If you’re a twenty-something like me, you grew up on Adam Sandler classics such as Billy Madison and The Wedding Singer. He’s been the comedic voice of my generation — the Bill Murray for millennials. And Sandler’s career has seemed to grow with us from comedies with ridiculous concepts to a few serious flicks to a stand-up routine showcasing his love of music sprinkled with his callous, yet innocent, comedy. As a Sandler fan, here are my top five favorite movies starring the 52-year-old comedian to get ready for his show at Connor Palace Feb. 7 that is a part of his 100% Fresher tour.
1.) The Waterboy, 1998
Adam Sandler takes on a new character, and voice, as Bobby Boucher Jr. in this comedic sports flick. Boucher is the enthusiastic water boy for a well-regarded Florida college football team, but gets fired and moves to a much lesser team in the midst of a losing streak. After tackling a player who, like the rest of the team, teases him about his water technician job, Boucher shines as the new linebacker and leads the team to championship contenders. I was only four years old when this flick came out, but through high school, it made me feel a little better about being picked on for my shyness and big metal braces that gave me a little lisp sort of like Boucher’s. But more than that, this movie gave us a phrase that rings out at every football game or moment that needs a little encouragement — “You can do it!"
2.) 50 First Dates, 2004
My love expectations were sky-high as a 10 year old after seeing this film at the local drive-in. Sandler, a marine biologist who travels to Hawaii, meets Lucy, played by Drew Barrymore, at a local restaurant. He catches her attention on the first day, but when she doesn’t remember him the next day, he finds out that a car crash left her with severe short-term memory loss. But that didn’t stop him from proving his love by going against her family’s wishes and helping her come to terms with her diagnosis each day, rather than pretending each day is the day of her accident. The film has the perfect amount of aww moments dashed with Sandler’s comedic back-and-forth with Lucy’s steroid-addicted brother Doug. Plus, Sandler’s ukulele love song rivals his best musical moments in Wedding Singer and as a cast member on Saturday Night Live.
3.) Click, 2006
Still with it's funny moments, Click gave us a whole heap of realness from Sandler. Playing a workaholic architect, Sandler tries to balance making his boss happy and being present with his family. While searching a department store for a universal remote, a quirky salesman offers him a remote that allows him to control his life. He fast-forwards or mutes through arguments with his wife and boring times, he even jumps to the part where he gets a promotion at work. But when he sees the future with his kids grown up and his wife married to someone else, he realized it all happened when he wasn’t paying attention and just help down fast-forward. This movie taught us to slow down, appreciate what you have and be present in the moments that might not look like much in the bigger picture. At 12 years old, it was a reality check for me to get over that argument with my parents for not letting me paint my room glittery pink, which in hindsight was a great decision on their part.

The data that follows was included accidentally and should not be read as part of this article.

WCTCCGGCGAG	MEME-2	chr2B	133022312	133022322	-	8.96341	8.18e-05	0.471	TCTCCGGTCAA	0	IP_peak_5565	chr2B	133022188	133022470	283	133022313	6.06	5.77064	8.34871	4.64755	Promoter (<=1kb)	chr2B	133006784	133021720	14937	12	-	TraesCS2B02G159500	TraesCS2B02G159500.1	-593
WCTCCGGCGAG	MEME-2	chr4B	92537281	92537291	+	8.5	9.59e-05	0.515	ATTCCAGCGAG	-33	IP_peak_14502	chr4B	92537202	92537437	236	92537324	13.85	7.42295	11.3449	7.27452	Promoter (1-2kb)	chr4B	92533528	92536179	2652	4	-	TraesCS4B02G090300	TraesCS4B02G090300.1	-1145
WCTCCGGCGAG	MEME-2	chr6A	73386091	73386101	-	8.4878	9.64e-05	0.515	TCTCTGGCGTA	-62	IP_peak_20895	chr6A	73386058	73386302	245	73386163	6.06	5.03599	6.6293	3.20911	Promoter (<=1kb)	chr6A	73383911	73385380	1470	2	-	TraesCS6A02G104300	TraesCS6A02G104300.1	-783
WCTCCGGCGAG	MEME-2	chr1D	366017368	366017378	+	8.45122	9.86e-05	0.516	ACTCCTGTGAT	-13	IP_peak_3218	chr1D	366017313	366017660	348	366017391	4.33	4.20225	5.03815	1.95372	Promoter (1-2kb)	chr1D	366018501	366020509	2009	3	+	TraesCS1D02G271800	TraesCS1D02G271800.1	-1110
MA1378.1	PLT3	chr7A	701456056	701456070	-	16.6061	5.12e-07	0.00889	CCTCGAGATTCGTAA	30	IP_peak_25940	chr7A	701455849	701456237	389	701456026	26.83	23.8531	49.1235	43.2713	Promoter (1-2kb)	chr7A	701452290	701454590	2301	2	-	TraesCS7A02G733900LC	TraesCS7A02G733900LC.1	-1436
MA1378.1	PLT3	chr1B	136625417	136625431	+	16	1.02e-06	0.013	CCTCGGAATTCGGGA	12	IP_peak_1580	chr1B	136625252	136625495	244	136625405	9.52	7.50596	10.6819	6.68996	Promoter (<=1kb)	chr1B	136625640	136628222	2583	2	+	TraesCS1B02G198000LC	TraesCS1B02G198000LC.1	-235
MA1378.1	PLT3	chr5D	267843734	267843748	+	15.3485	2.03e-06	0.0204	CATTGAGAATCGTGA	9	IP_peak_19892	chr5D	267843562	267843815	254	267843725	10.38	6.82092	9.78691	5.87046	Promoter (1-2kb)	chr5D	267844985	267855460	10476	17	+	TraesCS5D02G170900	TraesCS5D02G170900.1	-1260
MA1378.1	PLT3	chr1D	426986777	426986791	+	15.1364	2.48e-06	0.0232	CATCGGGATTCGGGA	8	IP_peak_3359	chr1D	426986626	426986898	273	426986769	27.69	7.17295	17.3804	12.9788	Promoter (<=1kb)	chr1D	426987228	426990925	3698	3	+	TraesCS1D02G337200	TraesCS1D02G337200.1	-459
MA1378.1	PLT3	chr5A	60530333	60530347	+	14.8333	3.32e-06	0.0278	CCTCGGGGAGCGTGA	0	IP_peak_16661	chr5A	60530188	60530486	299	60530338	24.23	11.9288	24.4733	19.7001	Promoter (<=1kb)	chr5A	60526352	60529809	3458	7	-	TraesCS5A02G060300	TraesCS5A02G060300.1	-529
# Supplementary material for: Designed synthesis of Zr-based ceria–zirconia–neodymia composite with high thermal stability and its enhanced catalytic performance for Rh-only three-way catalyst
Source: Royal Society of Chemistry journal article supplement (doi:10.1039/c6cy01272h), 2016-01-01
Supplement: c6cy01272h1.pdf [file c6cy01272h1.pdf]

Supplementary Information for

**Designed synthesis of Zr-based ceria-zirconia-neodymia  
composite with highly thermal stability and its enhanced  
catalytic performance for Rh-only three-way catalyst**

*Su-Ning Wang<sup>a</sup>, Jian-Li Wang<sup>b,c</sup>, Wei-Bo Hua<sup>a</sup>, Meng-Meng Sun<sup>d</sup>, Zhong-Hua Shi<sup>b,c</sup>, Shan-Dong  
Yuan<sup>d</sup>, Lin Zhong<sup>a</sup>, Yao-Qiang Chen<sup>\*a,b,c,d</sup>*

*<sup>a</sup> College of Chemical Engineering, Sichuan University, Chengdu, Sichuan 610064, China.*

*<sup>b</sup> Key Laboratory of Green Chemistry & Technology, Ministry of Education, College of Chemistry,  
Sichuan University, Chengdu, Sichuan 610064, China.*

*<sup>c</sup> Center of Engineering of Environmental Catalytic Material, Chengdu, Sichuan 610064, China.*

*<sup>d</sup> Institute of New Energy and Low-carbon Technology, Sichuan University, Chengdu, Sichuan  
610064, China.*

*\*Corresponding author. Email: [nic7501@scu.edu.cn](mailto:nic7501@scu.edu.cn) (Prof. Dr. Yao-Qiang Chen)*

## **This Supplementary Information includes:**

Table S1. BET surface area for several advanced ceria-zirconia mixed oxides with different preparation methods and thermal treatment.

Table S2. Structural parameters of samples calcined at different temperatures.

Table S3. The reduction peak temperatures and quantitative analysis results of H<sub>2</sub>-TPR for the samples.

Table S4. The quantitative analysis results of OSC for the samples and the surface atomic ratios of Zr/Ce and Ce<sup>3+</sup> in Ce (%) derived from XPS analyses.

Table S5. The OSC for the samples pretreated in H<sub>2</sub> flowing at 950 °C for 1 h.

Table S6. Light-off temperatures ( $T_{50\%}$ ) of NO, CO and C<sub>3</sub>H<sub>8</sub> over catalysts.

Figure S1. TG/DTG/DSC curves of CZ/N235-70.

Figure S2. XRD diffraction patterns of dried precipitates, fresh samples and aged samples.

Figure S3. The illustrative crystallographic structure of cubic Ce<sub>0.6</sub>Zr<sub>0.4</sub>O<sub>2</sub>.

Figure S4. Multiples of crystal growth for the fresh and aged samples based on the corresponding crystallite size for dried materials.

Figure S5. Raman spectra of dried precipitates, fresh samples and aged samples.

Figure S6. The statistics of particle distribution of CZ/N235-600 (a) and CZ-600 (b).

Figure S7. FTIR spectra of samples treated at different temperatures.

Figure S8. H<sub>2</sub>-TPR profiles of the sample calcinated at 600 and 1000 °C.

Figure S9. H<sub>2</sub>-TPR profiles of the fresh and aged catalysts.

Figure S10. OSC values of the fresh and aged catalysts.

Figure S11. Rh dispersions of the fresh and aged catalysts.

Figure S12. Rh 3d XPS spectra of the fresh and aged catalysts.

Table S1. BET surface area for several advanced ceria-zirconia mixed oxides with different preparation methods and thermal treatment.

4.) Punch Drunk Love, 2002
You almost forget you’re watching Sandler in Punch Drunk Love. He plays Barry Egan, a business owner who grew up with seven sisters, no self-esteem and an awkward personality. On a particularly lonely night, Barry calls into an intimate phone hotline and ends up getting into some trouble when the woman he speaks attempts to extort money from him and even sends her henchmen after him. In the midst of that drama, one of his sisters introduces him to one of her friends who ends up loving his thorny vibes. Barry is left to delicately balance his potential soul mate and the mistake of a lonely past life. While there are still hints of Sandler’s quirky self in Barry, this movie shows his acting range and that there’s a lot more to him than just inappropriate humor.
5.) Happy Gilmore, 1996
I can’t stand golf. But I love this movie. Maybe I love it so much because Sandler’s character, Happy Gilmore, hates golf, too. Or maybe it's because my dad forced me to take golf lessons and, to put it nicely, I sucked. Sandler delivers an entertaining tale of the underdog after getting passed up on by the local hockey team, which he yearns to play for, yet again. After discovering his insane ability to hit a golf ball over 400 yards due to a bet, Happy decides to head to the golfing range to swindle some cash out of people. While smacking the ball further than any marker at the range, a former pro sees him and decides to coach him, persuading him with the winnings he could earn that could save Happy’s grandma’s home from being seized by the IRS. Happy butts heads with fellow pro Shooter McGavin (Christopher McDonald) but ends up winning enough fans and polishing up his put enough to beat him in the final championship, getting his grandma’s house back. Arguably Sandler's most popular flick and the funniest golf movie since Caddyshack, this movie is the comedic performance that birthed a thousand memes, ruined a million tee boxes and made Sandler a star. “Don’t push me, Bob, now’s not the time.”